Let s start by adding the necessary validation controls to the DataList s EditItemTemplate. This task can be performed through the Designer by clicking on the Edit Templates link from the DataList s smart tag, or through the declarative syntax. Let s step through the process using the Edit Templates option from the Design view. After choosing to edit the DataList s EditItemTemplate, add a RequiredFieldValidator by dragging it from the Toolbox into the template editing interface, placing it after the ProductName TextBox.

Add a RequiredFieldValidator to the EditItemTemplate After the ProductName TextBox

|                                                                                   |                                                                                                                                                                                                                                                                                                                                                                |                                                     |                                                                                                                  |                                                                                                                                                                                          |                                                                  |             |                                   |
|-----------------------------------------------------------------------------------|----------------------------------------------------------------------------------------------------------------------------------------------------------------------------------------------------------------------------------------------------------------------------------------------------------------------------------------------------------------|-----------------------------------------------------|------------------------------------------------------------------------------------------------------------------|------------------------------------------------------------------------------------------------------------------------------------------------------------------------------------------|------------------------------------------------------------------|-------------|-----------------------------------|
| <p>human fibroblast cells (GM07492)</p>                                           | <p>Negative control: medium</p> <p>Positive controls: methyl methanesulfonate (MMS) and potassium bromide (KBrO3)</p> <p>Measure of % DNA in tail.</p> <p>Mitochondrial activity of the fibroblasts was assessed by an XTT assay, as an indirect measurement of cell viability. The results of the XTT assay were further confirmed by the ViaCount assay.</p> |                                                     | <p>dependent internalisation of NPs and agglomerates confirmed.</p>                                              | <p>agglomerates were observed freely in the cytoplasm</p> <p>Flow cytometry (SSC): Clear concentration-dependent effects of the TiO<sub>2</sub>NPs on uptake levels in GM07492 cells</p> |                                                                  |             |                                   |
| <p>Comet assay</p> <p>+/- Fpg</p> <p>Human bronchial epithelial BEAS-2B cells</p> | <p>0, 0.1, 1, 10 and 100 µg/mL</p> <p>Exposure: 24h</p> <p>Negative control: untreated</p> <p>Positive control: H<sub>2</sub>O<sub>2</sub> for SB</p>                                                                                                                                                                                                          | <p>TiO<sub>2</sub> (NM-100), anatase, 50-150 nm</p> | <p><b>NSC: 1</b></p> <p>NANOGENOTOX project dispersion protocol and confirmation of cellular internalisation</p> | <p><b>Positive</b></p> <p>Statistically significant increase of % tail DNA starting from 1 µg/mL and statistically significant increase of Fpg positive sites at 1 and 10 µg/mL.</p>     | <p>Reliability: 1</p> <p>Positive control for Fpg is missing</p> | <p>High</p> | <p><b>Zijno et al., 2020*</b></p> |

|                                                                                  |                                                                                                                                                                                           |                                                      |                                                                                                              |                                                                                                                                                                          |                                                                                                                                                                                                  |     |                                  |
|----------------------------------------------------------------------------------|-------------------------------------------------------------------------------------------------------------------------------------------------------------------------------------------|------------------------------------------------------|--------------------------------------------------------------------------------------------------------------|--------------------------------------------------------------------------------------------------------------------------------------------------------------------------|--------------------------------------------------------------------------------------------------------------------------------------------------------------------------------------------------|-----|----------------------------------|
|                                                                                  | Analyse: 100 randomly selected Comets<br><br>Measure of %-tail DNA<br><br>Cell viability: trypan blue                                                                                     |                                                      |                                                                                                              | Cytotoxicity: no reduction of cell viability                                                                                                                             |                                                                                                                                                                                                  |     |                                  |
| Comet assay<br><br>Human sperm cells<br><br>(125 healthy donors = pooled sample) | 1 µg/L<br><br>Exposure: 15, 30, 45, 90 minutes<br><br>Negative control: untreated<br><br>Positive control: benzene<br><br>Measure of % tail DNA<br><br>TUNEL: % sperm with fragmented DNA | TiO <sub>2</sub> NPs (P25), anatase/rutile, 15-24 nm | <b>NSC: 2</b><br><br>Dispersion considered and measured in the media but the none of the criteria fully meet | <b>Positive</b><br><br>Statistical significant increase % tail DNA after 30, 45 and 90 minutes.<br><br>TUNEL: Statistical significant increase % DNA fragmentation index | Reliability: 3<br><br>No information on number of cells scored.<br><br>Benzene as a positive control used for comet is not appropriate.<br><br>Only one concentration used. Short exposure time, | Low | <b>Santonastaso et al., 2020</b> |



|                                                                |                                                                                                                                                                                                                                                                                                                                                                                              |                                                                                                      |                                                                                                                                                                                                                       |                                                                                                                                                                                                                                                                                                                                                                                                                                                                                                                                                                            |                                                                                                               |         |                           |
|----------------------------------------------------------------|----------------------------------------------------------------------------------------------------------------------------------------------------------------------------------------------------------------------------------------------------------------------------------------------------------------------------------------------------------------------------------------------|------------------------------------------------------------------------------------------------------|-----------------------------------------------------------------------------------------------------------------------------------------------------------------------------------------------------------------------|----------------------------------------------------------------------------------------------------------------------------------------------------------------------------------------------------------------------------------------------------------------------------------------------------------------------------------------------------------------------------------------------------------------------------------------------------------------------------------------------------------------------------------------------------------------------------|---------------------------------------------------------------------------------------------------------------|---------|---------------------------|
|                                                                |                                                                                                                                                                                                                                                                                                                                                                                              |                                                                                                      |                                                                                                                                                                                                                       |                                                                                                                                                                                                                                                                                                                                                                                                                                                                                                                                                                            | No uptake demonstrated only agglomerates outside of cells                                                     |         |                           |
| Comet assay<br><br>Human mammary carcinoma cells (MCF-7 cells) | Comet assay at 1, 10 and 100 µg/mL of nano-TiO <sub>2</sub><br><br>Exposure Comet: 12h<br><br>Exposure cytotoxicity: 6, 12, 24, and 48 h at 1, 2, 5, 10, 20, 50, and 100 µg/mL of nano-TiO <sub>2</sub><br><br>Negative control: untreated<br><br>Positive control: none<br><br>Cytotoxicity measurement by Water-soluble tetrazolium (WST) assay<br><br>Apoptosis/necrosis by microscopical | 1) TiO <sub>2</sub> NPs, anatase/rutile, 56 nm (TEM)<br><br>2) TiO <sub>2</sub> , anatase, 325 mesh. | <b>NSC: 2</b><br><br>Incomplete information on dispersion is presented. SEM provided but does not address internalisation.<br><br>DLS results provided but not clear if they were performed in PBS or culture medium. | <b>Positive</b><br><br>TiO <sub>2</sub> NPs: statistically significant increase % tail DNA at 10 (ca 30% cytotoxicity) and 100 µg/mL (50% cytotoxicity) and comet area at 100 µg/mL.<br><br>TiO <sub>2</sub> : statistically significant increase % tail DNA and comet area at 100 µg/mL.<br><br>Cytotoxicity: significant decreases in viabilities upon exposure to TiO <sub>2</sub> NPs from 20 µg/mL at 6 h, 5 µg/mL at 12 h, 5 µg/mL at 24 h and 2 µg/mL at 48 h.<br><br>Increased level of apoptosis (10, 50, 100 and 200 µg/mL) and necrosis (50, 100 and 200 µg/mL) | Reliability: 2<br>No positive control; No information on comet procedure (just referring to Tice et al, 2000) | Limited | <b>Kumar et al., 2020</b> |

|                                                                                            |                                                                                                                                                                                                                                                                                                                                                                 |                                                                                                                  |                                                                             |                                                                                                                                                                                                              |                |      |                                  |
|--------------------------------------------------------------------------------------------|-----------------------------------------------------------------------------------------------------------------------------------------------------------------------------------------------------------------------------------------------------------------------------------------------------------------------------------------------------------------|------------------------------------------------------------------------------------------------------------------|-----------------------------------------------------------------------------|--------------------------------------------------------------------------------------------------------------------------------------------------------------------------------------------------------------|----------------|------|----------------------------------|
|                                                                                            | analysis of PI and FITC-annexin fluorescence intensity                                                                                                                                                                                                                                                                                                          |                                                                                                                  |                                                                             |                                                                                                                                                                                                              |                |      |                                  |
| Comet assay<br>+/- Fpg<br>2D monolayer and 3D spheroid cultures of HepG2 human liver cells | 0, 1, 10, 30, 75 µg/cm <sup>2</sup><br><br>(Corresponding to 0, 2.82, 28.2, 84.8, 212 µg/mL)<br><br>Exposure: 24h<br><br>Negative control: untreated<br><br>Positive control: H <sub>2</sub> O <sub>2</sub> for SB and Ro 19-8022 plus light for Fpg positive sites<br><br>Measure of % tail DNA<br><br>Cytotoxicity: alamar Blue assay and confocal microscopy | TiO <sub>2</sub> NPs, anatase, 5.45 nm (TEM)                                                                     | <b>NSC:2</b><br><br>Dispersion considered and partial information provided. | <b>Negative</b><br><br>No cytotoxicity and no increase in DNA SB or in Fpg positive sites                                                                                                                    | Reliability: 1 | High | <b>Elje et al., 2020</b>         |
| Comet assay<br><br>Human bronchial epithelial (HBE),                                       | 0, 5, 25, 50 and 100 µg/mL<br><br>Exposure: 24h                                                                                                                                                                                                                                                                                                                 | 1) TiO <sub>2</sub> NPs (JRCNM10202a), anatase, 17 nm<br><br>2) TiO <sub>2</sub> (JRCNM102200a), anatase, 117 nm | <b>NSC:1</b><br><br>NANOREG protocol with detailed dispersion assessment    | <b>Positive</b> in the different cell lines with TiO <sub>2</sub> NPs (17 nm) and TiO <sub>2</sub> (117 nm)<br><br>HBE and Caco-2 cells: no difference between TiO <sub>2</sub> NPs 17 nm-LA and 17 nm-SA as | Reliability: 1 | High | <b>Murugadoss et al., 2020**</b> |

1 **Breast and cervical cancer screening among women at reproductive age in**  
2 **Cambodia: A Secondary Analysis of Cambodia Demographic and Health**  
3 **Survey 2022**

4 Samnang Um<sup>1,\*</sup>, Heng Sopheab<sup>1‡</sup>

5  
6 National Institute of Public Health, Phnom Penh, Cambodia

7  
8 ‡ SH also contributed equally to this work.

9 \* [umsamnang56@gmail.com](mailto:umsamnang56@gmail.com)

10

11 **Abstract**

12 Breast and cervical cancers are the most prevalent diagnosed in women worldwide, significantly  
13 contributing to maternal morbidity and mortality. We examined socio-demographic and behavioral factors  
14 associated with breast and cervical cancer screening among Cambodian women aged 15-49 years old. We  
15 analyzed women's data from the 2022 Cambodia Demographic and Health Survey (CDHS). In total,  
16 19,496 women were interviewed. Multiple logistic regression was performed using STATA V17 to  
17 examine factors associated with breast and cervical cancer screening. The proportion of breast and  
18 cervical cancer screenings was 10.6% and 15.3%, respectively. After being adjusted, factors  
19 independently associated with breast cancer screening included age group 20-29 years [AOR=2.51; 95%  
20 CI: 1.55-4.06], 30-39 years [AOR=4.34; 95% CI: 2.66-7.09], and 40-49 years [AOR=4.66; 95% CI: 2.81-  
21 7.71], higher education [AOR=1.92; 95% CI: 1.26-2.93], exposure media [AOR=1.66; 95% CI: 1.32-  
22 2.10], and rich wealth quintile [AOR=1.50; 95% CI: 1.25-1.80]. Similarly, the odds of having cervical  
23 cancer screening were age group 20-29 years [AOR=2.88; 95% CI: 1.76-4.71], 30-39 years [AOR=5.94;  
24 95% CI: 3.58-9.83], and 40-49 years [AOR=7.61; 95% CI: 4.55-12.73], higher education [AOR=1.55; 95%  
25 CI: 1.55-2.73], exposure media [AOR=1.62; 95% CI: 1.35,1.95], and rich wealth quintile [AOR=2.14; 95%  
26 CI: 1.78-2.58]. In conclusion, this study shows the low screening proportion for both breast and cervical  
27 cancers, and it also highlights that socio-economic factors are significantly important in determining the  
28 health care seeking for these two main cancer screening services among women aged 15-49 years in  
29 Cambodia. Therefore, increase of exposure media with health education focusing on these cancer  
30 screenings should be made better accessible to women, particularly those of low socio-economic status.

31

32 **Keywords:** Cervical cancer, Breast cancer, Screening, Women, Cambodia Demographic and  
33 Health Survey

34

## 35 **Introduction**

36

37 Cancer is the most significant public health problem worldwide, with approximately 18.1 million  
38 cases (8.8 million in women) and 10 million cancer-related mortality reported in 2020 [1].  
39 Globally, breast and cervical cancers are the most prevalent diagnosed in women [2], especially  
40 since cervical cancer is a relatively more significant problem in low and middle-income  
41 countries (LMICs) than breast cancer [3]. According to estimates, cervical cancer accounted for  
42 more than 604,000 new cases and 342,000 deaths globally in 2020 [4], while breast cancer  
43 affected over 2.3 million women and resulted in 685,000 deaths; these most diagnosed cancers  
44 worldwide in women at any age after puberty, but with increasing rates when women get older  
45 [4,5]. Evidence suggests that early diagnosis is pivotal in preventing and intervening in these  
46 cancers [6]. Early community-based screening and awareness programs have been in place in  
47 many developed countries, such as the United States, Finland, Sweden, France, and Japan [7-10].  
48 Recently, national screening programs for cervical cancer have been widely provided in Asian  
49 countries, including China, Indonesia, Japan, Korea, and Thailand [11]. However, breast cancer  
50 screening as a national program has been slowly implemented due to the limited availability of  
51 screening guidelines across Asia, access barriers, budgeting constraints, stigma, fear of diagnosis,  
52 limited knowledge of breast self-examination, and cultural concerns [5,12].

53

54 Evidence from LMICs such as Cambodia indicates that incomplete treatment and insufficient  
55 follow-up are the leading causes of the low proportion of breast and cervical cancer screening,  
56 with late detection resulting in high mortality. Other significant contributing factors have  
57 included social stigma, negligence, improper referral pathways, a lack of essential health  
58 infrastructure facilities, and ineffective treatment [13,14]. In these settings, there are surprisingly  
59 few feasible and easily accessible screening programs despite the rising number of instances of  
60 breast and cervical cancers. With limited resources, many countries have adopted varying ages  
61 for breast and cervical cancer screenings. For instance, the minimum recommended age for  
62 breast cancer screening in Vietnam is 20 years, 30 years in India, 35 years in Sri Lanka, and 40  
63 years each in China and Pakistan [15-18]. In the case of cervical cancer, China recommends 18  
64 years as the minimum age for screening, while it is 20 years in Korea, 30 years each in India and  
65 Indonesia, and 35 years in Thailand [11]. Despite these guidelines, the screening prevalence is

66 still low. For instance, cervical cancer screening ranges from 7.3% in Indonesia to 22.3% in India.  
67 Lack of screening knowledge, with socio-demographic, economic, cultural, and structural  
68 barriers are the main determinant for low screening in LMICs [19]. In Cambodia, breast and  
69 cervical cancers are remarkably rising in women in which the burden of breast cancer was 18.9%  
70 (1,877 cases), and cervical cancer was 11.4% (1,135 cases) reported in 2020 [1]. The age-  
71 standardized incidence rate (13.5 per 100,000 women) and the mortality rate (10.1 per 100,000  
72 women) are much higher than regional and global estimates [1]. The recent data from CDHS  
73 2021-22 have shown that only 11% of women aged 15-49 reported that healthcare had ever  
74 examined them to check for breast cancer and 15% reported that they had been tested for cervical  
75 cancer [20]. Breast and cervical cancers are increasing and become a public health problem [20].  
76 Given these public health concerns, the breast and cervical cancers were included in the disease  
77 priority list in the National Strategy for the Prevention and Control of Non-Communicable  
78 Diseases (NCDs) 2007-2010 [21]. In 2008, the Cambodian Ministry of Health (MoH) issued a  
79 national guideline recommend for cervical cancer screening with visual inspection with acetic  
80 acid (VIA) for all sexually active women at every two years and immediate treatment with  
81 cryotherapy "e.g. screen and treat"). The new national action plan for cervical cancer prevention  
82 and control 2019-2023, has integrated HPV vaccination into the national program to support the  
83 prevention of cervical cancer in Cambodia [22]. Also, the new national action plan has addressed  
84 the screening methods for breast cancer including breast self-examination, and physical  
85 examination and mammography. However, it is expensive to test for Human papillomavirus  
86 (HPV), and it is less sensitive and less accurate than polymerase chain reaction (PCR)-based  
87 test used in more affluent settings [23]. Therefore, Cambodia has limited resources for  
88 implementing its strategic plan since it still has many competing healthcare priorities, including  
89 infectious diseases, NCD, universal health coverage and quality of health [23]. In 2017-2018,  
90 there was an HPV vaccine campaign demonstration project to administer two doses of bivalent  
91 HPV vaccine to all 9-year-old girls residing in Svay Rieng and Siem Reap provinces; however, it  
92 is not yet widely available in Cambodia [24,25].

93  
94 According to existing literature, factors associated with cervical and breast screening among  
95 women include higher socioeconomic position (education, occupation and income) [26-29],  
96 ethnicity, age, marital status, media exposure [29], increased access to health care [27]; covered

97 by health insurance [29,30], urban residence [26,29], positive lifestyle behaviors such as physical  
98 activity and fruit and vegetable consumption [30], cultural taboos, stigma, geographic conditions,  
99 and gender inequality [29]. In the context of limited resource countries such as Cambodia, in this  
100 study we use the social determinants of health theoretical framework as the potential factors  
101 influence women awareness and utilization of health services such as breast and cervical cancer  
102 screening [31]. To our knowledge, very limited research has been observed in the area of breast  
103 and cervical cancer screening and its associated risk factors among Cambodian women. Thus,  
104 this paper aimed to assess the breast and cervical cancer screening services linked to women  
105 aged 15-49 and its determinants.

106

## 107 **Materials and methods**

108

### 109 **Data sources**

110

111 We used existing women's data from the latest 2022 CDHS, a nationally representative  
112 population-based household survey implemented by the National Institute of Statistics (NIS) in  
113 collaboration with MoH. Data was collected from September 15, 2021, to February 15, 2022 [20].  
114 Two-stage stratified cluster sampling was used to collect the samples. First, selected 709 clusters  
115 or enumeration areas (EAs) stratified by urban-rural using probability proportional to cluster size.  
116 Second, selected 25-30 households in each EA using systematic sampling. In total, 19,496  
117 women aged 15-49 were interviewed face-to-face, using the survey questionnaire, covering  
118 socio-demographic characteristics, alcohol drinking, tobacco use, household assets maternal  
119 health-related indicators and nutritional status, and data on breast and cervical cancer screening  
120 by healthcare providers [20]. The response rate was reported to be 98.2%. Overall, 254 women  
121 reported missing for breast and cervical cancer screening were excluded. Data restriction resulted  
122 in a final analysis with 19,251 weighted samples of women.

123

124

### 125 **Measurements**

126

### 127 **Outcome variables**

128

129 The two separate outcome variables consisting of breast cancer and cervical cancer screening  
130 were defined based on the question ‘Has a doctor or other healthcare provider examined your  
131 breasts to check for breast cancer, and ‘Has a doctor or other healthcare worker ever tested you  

Figure 3: Add a RequiredFieldValidator to the EditItemTemplate After the ProductName TextBox (Click to view full-size image)

All validation controls work by validating the input of a single ASP.NET Web control. Therefore, we need to indicate that the RequiredFieldValidator we just added should validate against the ProductName TextBox; this is done by setting the validation control s ControlToValidate property to the ID of the appropriate Web control (ProductName, in this instance). Next, set the ErrorMessage property to You must provide the product s name and the Text property to * . The Text property value, if provided, is the text that is displayed by the validation control if the validation fails. The ErrorMessage property value, which is required, is used by the ValidationSummary control; if the Text property value is omitted, the ErrorMessage property value is displayed by the validation control on invalid input.

After setting these three properties of the RequiredFieldValidator, your screen should look similar to Figure 4.